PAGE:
Slowly “Big Grunt” lifted his head and gave the men full attention.  They froze in their tracks.  Minutes passed while the renegade pondered.  Then he made his decision.  He didn’t like the presence of his visitors.

In a sudden surge of wild power, the great bison pawed the earth like a fighting bull, emitting the gutteral grunts that had given him his name.  He buried completely one horn in the earth – a hardpan sufficient to turn the point of a pick.  He ripped it out with a savage twist and thrust the other horn in just as deep.

The men, without weapons, did not accept the challenge. They backed quickly toward the truck, in which the engine prudently had been left running. In less time than it takes to tell it, the big outlaw charged. The truck swung around to give McLain camera range.  When he realized he could not catch the truck, “Big Grunt” stopped, but each time it swung toward him, the chase was on again, the outlaw’s tail straight over his back as his signal of defiance.”

 

Quincy Tahoma at Tal'-Wi-Wi Photo by Jerry McLain

Jerry McLain got some photos, Quincy Tahoma got his mental images, and Colonel Dale Bumstead got a taste of the bulk of bone and muscle he would face the next day.  Nobody got much sleep that night!

Did Colonel Bumstead ever slay “Big Grunt”? Did Tahoma paint the buffalo? Was this huge renegade the same buffalo that was barbequed a few months later and what role did the Navajo artist play in the festivities?  Stay tuned for the next post…and possibly the next one after that!

We are deeply indebted to George Bell, the son of ranch hand Ken Bell, who sent us 1951 Tal’-Wi-Wi newsletters. a copy of the menu and copies of two articles about the renegade buffalo hunt. Thanks also to Shirley Bushong, Wilbur Bushong’s widow, for her recollections about Tahoma’s time spent at the ranch.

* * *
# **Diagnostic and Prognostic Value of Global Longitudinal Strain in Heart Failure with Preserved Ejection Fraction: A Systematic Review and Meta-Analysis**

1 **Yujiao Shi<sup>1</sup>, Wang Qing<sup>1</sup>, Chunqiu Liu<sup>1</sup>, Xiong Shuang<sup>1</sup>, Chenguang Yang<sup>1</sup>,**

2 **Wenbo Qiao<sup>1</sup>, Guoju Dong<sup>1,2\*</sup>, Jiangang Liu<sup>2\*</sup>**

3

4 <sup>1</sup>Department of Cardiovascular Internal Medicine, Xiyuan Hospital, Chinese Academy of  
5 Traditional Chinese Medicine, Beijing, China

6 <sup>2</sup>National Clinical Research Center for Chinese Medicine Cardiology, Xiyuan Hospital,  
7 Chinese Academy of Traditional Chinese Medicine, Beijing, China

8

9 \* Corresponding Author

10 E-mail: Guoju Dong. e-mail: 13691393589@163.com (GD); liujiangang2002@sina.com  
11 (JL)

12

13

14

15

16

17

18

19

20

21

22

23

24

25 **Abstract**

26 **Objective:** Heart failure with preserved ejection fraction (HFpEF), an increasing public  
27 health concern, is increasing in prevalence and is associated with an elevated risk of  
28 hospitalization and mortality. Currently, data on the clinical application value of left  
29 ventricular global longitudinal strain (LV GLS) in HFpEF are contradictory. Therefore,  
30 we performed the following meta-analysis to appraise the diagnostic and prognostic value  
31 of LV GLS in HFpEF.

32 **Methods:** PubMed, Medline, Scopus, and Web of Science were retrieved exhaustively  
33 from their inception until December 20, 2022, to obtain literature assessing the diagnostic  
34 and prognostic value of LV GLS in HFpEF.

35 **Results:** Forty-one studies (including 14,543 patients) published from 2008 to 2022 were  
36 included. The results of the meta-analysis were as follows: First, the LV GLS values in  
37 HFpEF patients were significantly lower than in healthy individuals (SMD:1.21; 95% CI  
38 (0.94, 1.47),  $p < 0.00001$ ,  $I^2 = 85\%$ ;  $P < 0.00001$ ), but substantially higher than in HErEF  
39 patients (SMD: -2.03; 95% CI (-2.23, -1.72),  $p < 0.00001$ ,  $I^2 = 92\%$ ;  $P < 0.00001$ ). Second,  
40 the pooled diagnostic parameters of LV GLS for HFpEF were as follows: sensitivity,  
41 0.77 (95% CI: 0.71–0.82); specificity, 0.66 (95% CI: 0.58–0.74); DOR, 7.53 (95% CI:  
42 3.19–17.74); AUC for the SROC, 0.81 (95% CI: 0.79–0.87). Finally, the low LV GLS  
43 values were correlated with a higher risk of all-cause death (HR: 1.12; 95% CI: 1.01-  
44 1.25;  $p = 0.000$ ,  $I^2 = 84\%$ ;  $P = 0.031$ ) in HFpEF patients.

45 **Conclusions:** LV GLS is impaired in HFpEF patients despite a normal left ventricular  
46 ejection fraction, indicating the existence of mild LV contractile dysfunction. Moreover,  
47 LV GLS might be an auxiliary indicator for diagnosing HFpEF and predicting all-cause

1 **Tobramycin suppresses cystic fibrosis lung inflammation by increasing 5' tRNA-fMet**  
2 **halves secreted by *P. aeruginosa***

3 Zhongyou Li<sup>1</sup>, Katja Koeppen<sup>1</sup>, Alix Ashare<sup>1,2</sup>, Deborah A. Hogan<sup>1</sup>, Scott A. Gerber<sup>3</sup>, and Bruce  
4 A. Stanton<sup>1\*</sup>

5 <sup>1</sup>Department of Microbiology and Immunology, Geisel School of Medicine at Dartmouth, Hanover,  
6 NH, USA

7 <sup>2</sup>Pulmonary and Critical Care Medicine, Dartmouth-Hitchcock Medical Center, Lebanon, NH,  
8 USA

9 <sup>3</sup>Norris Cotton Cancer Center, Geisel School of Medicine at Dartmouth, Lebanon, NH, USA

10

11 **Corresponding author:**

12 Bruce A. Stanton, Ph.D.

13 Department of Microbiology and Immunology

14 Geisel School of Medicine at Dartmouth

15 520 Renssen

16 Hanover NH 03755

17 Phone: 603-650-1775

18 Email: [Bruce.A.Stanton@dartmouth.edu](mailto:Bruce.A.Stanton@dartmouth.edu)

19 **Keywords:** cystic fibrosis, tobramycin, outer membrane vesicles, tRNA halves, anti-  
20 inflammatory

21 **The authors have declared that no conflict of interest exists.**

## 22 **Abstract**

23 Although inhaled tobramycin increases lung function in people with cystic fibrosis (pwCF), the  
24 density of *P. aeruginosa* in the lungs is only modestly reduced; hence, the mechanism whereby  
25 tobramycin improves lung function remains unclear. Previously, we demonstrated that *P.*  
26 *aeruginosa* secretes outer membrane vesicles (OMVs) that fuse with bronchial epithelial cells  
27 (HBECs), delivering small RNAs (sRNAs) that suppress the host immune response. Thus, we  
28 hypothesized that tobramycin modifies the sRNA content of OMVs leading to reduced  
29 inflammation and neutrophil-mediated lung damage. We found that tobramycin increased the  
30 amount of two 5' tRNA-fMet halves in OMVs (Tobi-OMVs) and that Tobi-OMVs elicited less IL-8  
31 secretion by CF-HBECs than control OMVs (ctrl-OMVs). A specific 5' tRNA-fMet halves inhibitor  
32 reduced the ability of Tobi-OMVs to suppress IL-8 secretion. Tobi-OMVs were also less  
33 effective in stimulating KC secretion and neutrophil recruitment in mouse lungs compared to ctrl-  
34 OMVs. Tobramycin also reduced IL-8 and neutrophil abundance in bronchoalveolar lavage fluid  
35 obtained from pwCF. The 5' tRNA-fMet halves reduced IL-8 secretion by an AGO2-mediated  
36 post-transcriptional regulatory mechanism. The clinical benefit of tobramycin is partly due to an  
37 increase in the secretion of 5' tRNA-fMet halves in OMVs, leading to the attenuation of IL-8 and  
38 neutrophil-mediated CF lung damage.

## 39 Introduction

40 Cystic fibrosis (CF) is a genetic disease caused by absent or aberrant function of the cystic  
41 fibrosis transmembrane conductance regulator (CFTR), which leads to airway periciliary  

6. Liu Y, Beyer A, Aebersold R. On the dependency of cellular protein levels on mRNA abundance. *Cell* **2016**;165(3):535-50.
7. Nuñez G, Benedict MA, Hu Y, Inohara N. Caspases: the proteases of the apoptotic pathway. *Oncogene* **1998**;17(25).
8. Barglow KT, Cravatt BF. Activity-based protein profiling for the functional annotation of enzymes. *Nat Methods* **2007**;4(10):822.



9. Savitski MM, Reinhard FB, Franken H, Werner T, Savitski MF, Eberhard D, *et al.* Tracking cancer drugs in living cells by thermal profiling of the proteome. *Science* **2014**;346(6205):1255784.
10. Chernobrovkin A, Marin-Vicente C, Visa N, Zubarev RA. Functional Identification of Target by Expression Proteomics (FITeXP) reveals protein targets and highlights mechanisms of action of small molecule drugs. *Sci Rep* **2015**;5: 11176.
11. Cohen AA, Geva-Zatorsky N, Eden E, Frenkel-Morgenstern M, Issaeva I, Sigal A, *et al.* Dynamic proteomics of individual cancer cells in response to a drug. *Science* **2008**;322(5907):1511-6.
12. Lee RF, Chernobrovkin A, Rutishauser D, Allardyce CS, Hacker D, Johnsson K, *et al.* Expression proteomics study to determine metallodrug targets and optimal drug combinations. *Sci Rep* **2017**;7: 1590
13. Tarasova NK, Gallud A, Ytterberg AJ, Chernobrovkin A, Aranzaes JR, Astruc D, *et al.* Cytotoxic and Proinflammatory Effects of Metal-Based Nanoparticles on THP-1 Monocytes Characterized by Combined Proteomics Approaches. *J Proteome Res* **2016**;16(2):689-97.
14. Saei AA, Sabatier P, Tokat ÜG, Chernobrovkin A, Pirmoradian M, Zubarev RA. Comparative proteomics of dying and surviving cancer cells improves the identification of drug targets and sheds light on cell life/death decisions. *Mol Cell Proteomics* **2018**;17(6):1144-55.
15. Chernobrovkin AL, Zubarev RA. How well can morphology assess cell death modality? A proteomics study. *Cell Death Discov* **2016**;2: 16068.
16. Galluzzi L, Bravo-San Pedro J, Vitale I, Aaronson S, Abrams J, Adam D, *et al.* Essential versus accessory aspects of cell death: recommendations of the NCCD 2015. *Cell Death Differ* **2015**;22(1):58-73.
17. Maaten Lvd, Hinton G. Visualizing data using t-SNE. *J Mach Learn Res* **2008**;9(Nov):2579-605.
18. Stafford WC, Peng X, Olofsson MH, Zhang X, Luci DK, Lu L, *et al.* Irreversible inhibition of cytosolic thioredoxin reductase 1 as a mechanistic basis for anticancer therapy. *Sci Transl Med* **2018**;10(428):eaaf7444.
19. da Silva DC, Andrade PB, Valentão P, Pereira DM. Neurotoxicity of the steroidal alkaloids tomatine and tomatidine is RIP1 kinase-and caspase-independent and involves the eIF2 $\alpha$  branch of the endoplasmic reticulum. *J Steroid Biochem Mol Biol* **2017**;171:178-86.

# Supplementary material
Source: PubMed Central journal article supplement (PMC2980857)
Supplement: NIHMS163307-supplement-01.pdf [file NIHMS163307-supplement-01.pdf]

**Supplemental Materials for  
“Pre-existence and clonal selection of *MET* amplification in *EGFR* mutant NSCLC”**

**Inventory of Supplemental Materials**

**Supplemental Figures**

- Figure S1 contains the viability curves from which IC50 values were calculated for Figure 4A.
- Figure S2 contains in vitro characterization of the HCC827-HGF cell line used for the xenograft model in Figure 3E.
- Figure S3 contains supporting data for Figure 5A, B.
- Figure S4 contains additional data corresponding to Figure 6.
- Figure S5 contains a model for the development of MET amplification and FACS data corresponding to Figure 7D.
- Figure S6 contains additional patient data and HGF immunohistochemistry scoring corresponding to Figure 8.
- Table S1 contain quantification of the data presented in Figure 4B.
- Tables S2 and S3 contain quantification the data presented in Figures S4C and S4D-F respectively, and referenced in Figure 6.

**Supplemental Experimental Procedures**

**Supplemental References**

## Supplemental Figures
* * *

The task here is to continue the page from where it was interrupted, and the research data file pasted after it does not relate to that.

Special note to those who can get to Phoenix on Saturday, March 3:  

Vera Marie will be autographing our book, Quincy Tahoma: The Life and Legacy of a Navajo Artist, at the Heard Museum Indian Market from 2:00-4:00 PM on Saturday, March 3.  While it will not be on display this weekend, the Heard Museum has an extensive collection of Quincy Tahoma’s art, including several scenes that were painted at Tal’-Wi-Wi for Col. Bumstead.

 

 

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4 Responses to Tahoma and the Buffalo

  1. Tom McGaw says:

    Col Dale Bumstead was my great grandfather and the family has some of the water color paintings Tahoma did while staying on Tal-Wi-Wi.

  2. Mark Cole says:

    I had an aunt and an uncle who worked for Col. and Mrs. Bumstead. I grew up hearing stories about the Col., and one story was about how he smuggled the highest quality of dates out of Arabia, where he was invited to visit. I can’t verify the story, however. Another piece of trivia that I was told is that Mrs. Bumstead was daughter of Mr. Winchester, maker of Winchester rifles. My uncle gave me an old brass match box with bullet impressions on it, which I still have. I much enjoyed this article, and I am now looking for part 2. I’ll bet my aunt and uncle were around when the “Tahoma Expedition” occurred. Thanks

  3. pen4hire says:

    Thanks for the stories, Mark. Love to hear from people who can add to ours.

  4. Hello, we would LOVE to hear the end PLEASE! We are begging, ha! 🙂 Thank you so much .

    Jocelyn Wadsworth